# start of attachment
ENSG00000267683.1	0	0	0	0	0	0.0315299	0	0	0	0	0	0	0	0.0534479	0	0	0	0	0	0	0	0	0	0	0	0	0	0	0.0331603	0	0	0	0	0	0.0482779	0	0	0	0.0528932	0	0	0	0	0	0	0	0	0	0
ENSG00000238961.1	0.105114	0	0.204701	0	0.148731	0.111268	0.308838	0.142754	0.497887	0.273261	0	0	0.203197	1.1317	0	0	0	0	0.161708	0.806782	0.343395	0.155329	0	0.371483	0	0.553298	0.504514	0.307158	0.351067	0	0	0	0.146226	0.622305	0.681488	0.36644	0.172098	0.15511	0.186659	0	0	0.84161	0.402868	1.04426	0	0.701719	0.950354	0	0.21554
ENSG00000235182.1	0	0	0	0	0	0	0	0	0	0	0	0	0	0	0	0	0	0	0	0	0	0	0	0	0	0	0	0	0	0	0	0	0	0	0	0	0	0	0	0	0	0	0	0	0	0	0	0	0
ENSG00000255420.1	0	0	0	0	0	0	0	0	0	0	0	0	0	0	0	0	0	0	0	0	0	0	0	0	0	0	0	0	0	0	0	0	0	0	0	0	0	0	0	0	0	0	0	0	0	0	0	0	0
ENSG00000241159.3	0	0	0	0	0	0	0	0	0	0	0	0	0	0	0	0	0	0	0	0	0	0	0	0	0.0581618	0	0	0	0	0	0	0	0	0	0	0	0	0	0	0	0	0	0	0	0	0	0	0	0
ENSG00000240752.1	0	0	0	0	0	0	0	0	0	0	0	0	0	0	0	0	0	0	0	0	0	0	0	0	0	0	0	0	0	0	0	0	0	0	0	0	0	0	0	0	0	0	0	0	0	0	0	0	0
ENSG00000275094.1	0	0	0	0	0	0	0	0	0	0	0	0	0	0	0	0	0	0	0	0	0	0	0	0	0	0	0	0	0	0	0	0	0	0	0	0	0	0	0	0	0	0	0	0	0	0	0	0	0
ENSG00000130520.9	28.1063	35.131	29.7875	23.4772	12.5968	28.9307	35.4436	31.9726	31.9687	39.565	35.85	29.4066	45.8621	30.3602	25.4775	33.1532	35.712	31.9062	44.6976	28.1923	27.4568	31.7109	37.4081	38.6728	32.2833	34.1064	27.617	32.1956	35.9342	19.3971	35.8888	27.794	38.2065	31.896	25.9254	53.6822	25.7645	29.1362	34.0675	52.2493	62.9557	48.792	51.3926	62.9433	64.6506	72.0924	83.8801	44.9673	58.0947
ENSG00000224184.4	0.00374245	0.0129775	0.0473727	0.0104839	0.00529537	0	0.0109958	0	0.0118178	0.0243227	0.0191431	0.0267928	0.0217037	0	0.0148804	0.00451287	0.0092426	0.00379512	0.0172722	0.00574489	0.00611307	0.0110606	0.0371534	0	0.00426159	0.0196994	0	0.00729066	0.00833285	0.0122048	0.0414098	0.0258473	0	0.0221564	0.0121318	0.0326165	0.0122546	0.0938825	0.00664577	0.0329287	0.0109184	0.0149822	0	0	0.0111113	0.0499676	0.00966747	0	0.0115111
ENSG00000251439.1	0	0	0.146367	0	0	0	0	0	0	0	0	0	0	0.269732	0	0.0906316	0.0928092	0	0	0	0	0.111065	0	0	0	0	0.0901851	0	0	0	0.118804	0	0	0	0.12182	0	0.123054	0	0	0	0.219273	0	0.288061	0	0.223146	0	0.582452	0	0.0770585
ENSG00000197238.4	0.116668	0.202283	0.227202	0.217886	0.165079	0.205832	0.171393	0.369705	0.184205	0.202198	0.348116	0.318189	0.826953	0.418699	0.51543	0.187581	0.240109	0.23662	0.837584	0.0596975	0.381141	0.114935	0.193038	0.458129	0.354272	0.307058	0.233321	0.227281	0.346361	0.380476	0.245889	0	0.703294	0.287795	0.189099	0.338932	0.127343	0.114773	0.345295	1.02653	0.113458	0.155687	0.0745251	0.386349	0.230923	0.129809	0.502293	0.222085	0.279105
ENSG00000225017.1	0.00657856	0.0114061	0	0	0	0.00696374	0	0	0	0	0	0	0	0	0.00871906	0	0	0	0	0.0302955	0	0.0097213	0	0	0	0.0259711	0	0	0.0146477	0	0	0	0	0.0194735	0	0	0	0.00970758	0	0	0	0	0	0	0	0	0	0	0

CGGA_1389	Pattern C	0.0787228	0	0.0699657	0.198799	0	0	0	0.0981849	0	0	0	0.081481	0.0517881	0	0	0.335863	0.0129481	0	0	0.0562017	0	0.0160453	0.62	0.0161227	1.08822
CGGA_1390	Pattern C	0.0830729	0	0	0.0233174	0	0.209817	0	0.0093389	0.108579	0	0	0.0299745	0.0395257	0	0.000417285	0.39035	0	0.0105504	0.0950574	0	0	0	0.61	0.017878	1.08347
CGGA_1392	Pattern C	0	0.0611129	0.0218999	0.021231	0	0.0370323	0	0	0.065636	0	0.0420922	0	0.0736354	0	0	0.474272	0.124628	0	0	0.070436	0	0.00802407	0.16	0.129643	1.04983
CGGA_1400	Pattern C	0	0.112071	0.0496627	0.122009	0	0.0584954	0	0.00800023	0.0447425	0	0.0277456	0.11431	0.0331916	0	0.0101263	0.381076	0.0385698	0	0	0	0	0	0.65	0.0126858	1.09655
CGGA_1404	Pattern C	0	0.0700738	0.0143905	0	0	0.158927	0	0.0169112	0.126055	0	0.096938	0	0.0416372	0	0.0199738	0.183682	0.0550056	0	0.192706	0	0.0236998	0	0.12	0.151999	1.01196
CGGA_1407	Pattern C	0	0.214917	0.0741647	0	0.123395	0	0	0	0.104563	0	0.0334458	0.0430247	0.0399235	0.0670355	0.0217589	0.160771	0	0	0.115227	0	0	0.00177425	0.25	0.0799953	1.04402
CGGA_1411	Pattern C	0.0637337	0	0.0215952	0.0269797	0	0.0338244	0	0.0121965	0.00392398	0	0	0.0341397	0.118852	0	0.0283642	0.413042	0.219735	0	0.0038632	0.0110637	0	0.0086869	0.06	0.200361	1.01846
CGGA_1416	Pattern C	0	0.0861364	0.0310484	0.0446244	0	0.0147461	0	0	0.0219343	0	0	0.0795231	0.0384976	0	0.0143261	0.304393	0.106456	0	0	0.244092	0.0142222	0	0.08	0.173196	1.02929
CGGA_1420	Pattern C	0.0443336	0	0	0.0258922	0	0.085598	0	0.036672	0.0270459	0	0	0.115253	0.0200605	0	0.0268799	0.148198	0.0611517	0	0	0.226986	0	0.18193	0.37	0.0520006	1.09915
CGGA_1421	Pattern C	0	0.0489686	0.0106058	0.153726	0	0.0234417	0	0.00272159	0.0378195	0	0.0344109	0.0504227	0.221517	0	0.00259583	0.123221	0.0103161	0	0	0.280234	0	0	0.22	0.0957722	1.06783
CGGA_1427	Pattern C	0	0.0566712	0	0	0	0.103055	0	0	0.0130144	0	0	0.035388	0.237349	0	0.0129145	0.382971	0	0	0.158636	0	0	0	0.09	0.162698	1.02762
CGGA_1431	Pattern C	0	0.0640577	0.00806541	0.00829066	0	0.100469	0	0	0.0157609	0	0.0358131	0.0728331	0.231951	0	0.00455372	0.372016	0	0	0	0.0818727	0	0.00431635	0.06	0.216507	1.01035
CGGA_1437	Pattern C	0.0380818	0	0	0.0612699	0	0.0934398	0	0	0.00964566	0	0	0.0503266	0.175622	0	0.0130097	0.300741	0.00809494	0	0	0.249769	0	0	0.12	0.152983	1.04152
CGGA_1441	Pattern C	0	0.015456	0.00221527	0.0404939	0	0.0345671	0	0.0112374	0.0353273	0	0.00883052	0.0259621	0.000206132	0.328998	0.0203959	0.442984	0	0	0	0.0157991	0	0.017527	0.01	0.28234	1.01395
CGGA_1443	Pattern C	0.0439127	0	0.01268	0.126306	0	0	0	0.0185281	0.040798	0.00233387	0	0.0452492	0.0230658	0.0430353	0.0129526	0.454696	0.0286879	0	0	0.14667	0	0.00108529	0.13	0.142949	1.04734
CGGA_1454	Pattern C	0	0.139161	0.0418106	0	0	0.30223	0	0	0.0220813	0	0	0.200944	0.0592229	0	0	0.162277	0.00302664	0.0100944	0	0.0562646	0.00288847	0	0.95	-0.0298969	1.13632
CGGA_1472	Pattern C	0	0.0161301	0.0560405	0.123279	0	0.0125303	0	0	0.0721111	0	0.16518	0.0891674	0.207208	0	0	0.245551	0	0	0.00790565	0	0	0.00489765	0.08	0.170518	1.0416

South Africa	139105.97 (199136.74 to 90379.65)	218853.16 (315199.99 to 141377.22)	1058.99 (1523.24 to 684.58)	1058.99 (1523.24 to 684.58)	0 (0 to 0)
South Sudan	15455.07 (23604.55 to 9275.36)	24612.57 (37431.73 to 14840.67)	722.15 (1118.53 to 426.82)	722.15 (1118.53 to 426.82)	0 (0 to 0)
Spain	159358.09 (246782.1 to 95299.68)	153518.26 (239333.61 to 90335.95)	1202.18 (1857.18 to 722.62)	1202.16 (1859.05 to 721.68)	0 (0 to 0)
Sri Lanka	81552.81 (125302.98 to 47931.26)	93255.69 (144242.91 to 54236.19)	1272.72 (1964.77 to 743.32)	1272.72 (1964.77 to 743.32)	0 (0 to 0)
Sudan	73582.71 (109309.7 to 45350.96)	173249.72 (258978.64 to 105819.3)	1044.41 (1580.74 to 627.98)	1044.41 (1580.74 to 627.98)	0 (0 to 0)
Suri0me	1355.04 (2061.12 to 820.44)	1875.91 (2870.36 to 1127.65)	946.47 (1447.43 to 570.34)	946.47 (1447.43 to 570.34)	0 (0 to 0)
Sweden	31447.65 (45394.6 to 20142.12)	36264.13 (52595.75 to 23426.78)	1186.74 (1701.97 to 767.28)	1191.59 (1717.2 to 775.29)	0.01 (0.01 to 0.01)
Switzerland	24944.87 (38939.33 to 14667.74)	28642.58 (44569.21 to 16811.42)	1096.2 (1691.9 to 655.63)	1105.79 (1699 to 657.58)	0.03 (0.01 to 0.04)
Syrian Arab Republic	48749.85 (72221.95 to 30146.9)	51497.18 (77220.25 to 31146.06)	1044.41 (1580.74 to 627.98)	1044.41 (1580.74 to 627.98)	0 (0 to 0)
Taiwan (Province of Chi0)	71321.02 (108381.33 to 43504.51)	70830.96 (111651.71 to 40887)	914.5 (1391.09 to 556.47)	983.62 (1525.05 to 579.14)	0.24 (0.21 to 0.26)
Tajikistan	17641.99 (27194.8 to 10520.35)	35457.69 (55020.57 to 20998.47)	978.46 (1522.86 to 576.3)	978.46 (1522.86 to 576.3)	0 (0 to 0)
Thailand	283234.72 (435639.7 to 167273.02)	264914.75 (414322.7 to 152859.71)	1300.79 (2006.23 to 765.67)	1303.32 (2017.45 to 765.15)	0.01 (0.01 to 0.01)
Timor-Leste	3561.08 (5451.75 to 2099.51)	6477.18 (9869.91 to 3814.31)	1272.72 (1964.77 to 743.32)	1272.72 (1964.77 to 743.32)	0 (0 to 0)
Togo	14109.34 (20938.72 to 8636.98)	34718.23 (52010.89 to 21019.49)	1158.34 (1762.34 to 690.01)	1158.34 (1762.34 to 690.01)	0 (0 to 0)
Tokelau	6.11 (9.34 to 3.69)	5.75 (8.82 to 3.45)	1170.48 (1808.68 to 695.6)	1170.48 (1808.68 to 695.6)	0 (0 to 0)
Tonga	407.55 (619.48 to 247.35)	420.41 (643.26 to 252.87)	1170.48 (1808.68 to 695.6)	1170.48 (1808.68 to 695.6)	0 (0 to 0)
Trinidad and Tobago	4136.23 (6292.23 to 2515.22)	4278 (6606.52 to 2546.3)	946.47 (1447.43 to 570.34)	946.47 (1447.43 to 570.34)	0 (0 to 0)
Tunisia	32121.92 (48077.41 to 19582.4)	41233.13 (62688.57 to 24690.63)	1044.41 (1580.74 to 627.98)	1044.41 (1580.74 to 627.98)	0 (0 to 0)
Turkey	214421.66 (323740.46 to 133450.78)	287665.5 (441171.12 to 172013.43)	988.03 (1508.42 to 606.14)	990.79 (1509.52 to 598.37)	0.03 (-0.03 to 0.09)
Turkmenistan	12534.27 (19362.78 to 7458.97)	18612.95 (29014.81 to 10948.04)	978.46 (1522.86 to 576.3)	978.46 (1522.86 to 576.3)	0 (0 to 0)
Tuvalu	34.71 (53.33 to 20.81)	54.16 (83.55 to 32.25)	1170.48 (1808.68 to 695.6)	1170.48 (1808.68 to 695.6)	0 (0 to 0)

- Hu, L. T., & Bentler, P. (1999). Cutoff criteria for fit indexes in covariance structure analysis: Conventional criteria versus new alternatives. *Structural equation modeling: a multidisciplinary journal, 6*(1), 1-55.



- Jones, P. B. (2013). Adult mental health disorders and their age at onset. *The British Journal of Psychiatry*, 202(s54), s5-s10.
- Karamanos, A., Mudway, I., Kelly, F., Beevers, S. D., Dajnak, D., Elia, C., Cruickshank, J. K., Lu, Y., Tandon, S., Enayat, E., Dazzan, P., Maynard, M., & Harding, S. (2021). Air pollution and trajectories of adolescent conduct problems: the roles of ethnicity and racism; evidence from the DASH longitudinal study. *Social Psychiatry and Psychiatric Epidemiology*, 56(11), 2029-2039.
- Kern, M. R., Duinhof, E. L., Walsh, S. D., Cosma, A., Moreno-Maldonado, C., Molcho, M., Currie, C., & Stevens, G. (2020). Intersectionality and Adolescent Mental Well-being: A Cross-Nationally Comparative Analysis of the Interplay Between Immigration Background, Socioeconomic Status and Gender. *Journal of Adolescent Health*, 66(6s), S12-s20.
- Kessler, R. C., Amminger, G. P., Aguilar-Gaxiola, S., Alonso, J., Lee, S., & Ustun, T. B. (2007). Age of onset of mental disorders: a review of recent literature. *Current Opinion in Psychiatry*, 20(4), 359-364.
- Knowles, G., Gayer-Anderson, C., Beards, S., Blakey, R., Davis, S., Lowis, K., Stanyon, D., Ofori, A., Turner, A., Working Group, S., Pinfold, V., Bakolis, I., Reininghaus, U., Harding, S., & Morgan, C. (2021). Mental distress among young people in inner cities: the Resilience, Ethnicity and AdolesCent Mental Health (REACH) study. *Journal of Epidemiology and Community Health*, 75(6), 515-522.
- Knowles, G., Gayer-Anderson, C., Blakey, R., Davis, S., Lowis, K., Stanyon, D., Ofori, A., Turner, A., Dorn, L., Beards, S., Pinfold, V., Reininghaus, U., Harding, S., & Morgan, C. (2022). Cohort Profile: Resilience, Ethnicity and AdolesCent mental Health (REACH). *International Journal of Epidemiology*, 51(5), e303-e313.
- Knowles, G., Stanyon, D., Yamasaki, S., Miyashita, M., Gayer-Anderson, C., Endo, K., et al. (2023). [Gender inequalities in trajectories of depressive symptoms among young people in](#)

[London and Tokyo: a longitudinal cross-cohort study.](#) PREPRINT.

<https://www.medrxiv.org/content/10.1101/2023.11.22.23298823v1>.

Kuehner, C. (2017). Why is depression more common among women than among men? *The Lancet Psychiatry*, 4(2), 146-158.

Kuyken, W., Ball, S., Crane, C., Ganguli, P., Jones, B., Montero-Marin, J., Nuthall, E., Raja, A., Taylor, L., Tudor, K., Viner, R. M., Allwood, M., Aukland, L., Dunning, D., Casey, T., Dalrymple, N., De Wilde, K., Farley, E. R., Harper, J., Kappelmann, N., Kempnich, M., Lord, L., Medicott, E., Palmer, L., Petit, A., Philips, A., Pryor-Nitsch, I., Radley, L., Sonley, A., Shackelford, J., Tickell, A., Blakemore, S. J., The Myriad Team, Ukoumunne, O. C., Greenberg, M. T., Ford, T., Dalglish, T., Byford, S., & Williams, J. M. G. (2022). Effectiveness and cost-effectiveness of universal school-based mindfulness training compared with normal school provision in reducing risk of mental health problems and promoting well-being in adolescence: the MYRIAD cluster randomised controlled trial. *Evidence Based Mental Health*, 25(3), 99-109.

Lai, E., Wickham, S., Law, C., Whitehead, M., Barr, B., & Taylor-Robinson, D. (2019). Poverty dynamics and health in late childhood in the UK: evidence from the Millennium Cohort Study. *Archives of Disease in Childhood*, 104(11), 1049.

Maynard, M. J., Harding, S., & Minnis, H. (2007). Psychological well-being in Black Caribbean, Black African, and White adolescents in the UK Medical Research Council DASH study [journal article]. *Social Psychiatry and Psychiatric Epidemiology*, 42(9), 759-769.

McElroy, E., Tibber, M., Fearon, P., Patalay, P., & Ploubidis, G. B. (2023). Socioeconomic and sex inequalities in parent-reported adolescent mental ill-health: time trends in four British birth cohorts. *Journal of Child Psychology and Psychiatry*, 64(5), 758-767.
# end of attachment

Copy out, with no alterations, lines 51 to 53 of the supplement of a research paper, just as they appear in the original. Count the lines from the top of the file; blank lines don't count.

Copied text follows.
- Hu, L. T., & Bentler, P. (1999). Cutoff criteria for fit indexes in covariance structure analysis: Conventional criteria versus new alternatives. *Structural equation modeling: a multidisciplinary journal, 6*(1), 1-55.



- Jones, P. B. (2013). Adult mental health disorders and their age at onset. *The British Journal of Psychiatry*, 202(s54), s5-s10.
- Karamanos, A., Mudway, I., Kelly, F., Beevers, S. D., Dajnak, D., Elia, C., Cruickshank, J. K., Lu, Y., Tandon, S., Enayat, E., Dazzan, P., Maynard, M., & Harding, S. (2021). Air pollution and trajectories of adolescent conduct problems: the roles of ethnicity and racism; evidence from the DASH longitudinal study. *Social Psychiatry and Psychiatric Epidemiology*, 56(11), 2029-2039.